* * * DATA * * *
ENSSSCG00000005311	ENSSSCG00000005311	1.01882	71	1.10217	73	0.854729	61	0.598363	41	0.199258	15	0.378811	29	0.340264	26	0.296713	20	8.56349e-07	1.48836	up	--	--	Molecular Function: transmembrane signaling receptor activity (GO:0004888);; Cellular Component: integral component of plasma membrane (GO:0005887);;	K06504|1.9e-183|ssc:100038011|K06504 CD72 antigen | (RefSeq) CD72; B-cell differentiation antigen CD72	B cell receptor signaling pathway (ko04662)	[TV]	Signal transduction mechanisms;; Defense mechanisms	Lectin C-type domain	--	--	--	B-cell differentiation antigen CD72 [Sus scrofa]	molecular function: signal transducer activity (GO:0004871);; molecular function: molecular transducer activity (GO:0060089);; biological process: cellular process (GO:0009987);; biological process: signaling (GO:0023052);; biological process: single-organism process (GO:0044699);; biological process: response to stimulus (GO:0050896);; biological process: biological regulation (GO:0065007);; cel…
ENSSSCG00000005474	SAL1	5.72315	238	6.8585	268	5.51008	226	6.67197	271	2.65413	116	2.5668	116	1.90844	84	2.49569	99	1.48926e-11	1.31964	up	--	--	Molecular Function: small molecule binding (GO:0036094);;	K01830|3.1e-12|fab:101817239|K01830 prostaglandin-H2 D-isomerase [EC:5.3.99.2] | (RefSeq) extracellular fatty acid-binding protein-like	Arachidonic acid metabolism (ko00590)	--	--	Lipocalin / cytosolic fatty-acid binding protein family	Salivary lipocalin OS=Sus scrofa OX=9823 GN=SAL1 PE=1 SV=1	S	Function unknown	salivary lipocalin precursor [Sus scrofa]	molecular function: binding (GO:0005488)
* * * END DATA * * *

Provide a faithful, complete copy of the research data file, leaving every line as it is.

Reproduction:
ENSSSCG00000005311	ENSSSCG00000005311	1.01882	71	1.10217	73	0.854729	61	0.598363	41	0.199258	15	0.378811	29	0.340264	26	0.296713	20	8.56349e-07	1.48836	up	--	--	Molecular Function: transmembrane signaling receptor activity (GO:0004888);; Cellular Component: integral component of plasma membrane (GO:0005887);;	K06504|1.9e-183|ssc:100038011|K06504 CD72 antigen | (RefSeq) CD72; B-cell differentiation antigen CD72	B cell receptor signaling pathway (ko04662)	[TV]	Signal transduction mechanisms;; Defense mechanisms	Lectin C-type domain	--	--	--	B-cell differentiation antigen CD72 [Sus scrofa]	molecular function: signal transducer activity (GO:0004871);; molecular function: molecular transducer activity (GO:0060089);; biological process: cellular process (GO:0009987);; biological process: signaling (GO:0023052);; biological process: single-organism process (GO:0044699);; biological process: response to stimulus (GO:0050896);; biological process: biological regulation (GO:0065007);; cel…
ENSSSCG00000005474	SAL1	5.72315	238	6.8585	268	5.51008	226	6.67197	271	2.65413	116	2.5668	116	1.90844	84	2.49569	99	1.48926e-11	1.31964	up	--	--	Molecular Function: small molecule binding (GO:0036094);;	K01830|3.1e-12|fab:101817239|K01830 prostaglandin-H2 D-isomerase [EC:5.3.99.2] | (RefSeq) extracellular fatty acid-binding protein-like	Arachidonic acid metabolism (ko00590)	--	--	Lipocalin / cytosolic fatty-acid binding protein family	Salivary lipocalin OS=Sus scrofa OX=9823 GN=SAL1 PE=1 SV=1	S	Function unknown	salivary lipocalin precursor [Sus scrofa]	molecular function: binding (GO:0005488)